Wednesday, April 21, 2010

Helpful commentary from BJ

I fax the labs -- that my local doctor here has had for two weeks without telling me about them -- and an hour later I get a thoughtful response from BJ that cross-references the last blood I sent to Arkansas. And this response, while recognizing the limitations of a non-doctor response, is about 100X more helpful than what I got yesterday.

Patients: no matter where you choose to be treated, and no matter what philosophy (control, cure, curcumin) you embrace, demand that doctors treat you as someone who understands their disease, and who is entitled to know the results of every test on a timely basis.  It's your body!

Anyhow, here's the news from Arkansas, which is both a bummer (I have not been consistently immunofixation negative) and somewhat reassuring (this is probably the sign of recovering marrow rather than myeloma):

This is the language found on almost all your reports, fairly consistently, describing your [immunofixation results]:

Immunofix. Serum on March 8, 2010. The original IgG lambda M-protein may be present.  An indistinct band is present in the position of the original M-protein.  Plus additional indistinct IgG lambda and IgG kappa bands.

The biggest difference is that the original monoclonal band was with a heavy chain (IgG) and a lite chain (lambda) and [the report you faxed] shows a faint monoclonal free lambda light chain without a heavy chain which is not your original clone.

My pea brain is not equipped to analyze what that means, but it probably means nothing. Every once and a while you have what are called oligoclonal faint bands which is seen in recovering marrow.  Good conversation to have with [BB].  Right now I would say poof, nuttin!  Maintenance is usually for 3 years because that is the population that seems to have the ‘cure’ signature. Again a very notable conversation for [BB].

A few things to highlight: responsiveness to a patient they haven't seen in person in three months, enough data for me to make my own conclusions, and an admission of where the knowledge is incomplete. Were I interested, I could get BB on the phone to bottom this out today, but I will see him in a month so there's no real urgency to it.  Also, I'm sure they would have contacted me on March 9th had they not seen this before and discussed the same issue (oligoclonal bands as a good sign) with me once before.

Again: regardless of your philosophy on this disease or your physician's philosophy, demand to be treated like an adult and get whatever information you want. I understand many people don't have the desire to dive into the information the way I do, so your mileage may vary. But beware the doctor that puts data into a black box and refuses to share it. I spoke with the wife of one patient my age recently and her experience with her husband's doctors has been AWFUL -- as in they don't know the result of bone marrow analyses done WEEKS ago.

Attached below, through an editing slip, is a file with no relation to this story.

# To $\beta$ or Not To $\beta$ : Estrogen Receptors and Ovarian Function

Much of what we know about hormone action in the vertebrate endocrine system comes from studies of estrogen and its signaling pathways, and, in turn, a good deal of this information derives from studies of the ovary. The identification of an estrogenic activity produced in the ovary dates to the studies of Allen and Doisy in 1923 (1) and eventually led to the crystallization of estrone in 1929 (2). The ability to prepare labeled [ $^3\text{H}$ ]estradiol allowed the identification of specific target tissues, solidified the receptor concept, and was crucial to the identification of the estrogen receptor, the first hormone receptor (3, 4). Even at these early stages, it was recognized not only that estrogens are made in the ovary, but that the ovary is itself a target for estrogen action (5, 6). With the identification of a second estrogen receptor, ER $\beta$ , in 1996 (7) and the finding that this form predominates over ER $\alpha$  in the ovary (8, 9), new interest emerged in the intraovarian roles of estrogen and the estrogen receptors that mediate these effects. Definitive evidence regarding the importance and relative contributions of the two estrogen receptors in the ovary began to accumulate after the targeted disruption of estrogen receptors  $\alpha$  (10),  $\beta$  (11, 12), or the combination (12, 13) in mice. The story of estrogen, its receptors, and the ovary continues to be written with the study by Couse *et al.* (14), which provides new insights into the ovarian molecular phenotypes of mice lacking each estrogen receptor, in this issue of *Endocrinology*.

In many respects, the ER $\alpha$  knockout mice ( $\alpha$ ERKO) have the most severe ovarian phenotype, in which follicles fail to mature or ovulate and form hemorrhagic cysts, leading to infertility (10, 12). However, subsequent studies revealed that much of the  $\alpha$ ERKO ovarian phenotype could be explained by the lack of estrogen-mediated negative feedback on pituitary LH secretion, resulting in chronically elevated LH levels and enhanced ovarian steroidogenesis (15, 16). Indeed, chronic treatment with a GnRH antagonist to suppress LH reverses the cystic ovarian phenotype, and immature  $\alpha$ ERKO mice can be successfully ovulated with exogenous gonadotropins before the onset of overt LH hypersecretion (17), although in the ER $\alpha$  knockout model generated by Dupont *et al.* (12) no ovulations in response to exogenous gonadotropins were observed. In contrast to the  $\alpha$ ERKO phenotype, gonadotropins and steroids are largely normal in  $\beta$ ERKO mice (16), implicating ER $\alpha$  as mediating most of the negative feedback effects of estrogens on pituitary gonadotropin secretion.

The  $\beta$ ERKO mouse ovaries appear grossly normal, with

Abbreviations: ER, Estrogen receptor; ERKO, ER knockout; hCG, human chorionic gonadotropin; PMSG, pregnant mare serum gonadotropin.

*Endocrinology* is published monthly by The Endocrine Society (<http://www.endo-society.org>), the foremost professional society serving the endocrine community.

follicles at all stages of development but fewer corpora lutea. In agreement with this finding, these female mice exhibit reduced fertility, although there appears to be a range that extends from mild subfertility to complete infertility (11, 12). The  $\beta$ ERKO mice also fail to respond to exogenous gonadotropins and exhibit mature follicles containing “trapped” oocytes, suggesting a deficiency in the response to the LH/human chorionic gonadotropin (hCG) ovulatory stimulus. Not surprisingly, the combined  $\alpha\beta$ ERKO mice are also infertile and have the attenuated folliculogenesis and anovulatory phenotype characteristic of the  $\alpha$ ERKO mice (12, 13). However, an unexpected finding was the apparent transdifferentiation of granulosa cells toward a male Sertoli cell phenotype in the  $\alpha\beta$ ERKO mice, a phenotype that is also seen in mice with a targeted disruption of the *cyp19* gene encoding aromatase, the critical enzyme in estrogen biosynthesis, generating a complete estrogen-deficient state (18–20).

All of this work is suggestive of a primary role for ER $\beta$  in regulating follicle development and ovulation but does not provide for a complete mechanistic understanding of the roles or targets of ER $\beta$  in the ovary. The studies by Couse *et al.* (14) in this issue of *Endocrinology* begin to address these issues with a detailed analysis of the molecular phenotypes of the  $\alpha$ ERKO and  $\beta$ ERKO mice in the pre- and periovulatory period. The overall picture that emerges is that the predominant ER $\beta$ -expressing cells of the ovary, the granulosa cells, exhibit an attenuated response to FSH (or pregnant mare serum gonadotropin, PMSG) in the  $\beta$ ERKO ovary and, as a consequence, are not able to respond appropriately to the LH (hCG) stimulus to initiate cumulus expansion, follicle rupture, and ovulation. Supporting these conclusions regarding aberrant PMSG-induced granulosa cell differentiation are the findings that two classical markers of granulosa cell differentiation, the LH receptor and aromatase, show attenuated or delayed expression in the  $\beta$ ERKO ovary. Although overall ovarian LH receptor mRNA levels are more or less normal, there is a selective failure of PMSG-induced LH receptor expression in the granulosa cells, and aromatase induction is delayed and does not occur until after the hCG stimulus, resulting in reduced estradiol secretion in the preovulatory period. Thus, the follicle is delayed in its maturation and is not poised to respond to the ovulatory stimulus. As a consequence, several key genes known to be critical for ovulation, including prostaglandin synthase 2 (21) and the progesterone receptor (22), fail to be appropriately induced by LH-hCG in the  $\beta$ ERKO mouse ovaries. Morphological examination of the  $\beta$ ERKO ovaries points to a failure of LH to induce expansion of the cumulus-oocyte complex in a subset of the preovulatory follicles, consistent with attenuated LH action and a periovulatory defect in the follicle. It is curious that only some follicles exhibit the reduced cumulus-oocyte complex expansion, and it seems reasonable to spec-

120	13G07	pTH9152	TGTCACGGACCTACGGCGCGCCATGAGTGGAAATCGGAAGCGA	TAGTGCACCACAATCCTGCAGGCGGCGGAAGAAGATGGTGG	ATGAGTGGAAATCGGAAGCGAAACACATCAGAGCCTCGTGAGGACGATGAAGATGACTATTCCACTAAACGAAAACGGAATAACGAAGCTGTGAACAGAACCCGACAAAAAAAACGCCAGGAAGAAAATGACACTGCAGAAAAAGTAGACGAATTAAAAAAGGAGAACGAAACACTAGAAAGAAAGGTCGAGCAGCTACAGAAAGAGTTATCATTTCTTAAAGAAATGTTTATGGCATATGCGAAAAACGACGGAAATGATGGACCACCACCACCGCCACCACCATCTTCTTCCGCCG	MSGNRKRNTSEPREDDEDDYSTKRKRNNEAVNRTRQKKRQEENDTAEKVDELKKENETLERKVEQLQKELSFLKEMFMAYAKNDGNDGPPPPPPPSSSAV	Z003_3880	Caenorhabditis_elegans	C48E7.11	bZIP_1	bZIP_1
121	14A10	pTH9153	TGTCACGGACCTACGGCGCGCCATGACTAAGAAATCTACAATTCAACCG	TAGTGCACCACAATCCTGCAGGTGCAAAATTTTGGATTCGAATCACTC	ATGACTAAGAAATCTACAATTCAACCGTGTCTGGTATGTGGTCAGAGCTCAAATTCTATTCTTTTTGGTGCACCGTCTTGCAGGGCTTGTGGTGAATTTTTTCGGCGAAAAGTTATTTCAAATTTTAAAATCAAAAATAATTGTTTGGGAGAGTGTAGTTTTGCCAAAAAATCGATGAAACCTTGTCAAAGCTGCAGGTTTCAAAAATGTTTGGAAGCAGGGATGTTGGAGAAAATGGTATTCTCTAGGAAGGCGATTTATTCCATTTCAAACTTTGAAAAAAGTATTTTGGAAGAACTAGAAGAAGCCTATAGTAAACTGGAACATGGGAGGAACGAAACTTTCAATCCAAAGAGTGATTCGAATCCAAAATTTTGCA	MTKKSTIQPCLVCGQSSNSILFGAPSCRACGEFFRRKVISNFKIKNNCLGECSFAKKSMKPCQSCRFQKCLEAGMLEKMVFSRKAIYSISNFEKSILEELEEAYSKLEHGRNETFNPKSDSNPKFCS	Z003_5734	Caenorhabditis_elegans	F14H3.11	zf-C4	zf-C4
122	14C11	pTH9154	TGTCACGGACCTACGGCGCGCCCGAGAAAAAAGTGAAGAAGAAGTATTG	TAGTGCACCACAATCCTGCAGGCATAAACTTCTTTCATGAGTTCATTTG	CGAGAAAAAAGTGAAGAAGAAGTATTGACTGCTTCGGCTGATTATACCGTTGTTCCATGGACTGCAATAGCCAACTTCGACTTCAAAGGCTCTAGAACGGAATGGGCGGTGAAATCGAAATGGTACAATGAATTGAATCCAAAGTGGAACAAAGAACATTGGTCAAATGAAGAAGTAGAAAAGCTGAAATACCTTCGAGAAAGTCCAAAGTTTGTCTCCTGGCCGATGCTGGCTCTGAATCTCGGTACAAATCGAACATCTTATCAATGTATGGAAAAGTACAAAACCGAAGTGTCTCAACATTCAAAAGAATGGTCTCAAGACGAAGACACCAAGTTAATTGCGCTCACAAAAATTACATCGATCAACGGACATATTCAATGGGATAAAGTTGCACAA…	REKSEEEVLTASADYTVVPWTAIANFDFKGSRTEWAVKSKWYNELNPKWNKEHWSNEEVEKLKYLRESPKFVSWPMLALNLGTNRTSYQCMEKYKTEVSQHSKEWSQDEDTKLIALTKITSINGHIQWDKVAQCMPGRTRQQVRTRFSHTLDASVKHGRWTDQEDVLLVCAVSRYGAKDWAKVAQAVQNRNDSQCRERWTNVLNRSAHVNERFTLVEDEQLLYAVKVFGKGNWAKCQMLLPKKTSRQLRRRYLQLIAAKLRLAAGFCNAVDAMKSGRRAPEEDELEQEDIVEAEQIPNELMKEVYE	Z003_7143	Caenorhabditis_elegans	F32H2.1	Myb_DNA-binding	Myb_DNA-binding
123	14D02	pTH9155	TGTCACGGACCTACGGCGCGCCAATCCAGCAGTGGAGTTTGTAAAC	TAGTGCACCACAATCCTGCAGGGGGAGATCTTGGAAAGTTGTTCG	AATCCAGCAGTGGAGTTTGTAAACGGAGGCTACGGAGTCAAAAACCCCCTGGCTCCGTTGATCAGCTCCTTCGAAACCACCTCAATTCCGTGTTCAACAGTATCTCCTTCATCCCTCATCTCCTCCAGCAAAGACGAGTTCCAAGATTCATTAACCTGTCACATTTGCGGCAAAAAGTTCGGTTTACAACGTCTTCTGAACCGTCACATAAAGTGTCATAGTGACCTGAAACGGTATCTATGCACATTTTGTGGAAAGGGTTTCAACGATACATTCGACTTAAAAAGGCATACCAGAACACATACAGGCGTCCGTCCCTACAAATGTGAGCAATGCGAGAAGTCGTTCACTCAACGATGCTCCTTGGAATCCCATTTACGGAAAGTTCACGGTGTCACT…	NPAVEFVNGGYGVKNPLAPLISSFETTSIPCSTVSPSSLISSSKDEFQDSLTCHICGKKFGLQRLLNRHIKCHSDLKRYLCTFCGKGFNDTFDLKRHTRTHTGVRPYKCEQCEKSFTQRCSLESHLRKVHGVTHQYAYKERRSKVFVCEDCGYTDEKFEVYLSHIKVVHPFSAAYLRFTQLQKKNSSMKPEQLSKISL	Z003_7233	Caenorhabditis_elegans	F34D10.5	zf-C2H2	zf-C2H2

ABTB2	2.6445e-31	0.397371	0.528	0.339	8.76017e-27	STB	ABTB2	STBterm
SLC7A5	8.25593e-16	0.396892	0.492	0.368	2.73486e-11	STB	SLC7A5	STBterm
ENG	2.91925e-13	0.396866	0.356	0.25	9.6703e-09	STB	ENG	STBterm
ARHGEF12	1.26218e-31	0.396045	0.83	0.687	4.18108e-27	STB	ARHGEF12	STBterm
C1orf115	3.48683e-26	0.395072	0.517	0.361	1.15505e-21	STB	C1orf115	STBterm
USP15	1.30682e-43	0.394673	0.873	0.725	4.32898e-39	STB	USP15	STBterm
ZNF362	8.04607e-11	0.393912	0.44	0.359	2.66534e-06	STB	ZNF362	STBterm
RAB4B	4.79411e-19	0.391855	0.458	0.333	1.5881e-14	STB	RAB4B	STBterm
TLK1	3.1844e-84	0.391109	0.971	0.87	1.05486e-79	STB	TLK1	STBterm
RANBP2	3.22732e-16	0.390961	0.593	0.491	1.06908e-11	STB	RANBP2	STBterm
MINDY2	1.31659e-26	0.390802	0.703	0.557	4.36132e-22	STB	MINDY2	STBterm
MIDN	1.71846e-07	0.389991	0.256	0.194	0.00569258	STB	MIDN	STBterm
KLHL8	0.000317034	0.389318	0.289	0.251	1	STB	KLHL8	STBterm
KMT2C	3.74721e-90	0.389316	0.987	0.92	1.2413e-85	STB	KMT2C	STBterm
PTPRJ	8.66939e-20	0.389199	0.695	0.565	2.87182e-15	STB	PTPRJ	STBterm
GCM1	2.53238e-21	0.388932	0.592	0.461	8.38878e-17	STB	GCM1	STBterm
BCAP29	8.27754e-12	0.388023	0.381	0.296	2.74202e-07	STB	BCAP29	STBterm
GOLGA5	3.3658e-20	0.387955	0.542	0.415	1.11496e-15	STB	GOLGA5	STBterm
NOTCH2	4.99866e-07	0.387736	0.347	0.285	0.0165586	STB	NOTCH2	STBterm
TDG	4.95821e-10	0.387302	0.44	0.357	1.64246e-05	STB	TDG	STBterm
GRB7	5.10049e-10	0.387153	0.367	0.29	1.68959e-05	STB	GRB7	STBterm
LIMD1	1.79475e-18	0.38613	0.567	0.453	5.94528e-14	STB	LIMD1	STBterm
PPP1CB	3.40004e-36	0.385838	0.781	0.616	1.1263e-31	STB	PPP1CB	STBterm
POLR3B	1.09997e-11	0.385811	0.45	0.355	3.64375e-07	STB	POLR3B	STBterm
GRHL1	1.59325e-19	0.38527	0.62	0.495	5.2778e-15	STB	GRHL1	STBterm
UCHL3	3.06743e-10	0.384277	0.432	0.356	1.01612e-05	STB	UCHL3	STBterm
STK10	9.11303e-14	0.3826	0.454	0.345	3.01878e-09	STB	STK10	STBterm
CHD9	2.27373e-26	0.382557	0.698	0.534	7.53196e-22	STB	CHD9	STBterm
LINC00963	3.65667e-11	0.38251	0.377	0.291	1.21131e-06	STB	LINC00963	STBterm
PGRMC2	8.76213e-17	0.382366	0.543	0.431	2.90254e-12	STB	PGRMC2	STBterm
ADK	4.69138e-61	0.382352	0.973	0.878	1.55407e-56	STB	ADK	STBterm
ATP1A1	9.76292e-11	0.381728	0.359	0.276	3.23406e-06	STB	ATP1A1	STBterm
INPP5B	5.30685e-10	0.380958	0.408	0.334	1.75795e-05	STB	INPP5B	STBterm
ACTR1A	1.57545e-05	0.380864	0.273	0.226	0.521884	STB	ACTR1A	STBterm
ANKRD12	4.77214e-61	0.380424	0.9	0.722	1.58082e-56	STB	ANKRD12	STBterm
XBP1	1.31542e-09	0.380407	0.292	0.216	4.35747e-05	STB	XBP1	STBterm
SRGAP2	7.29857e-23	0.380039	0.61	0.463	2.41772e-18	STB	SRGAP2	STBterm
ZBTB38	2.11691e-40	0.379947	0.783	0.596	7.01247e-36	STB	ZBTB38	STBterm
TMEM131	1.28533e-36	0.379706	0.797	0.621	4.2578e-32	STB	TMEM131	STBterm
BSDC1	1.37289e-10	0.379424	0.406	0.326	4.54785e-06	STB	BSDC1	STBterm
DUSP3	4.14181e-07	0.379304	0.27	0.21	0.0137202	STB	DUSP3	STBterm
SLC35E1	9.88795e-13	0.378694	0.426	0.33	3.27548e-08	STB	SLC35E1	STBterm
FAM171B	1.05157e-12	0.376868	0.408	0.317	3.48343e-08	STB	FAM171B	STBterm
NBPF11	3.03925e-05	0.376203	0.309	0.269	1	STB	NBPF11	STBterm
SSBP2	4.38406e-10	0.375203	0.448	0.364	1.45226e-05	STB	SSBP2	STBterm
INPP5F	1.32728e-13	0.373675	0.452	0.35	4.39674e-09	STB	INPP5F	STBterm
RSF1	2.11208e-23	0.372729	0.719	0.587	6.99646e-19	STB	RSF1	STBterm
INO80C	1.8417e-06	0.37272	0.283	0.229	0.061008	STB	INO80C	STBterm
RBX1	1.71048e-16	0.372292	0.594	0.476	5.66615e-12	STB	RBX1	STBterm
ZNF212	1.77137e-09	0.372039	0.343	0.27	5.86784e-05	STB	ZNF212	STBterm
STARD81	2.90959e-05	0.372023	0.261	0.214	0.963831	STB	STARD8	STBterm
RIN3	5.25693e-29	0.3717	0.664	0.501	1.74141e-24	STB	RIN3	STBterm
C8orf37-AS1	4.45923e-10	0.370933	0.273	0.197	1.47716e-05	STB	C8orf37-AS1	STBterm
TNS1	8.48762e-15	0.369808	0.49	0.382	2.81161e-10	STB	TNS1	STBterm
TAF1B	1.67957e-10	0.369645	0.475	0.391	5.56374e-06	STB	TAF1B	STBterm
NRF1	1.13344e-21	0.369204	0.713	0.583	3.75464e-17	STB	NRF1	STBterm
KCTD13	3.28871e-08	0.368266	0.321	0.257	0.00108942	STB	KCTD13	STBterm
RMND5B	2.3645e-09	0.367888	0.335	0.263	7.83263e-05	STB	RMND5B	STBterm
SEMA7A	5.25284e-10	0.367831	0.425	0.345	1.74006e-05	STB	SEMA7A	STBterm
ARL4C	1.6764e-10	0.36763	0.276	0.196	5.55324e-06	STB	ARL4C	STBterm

Don't stand for it!

A bit calmer some perspective!

Thanks for the words of support in response to yesterday's little bump in the road.

Having thought about it a bit, of course I wanted to never see any trace of anything wrong with me ever again, and I believe I'll get there, but I'm not there yet.  Pretty simple logic: if I had no myeloma cells left in my body, what would be the purpose of maintenance therapy?  BB knows this, hence the VRD that I'm on for at least another 28 months.   If, in fact, this was a busted up piece of a monoclonal protein that wandered into the bloodstream, it's evidence of the need to continue maintenance, and it will get obliterated by the cocktail that I'm on, along with whatever cell created it.  I will stick with the program, then!  Onward!

Now the failure of my doctor to get me my labs is another story.  My friend Sean, whom I met during transplants in Little Rock and whose unfailing good spirits and positivity are quite inspiring, noted that he goes to an infusion center that is not manned by a hematologist and they follow BB's orders to the letter.  They draw blood, call Arkansas to confirm the counts and get approval for the velcade infusion, send the blood to Arkansas for further analysis and administer the velcade.  That sounds like a good solution!  Perhaps I will seek one of those places out.

By the way, Sean maintains a blog here.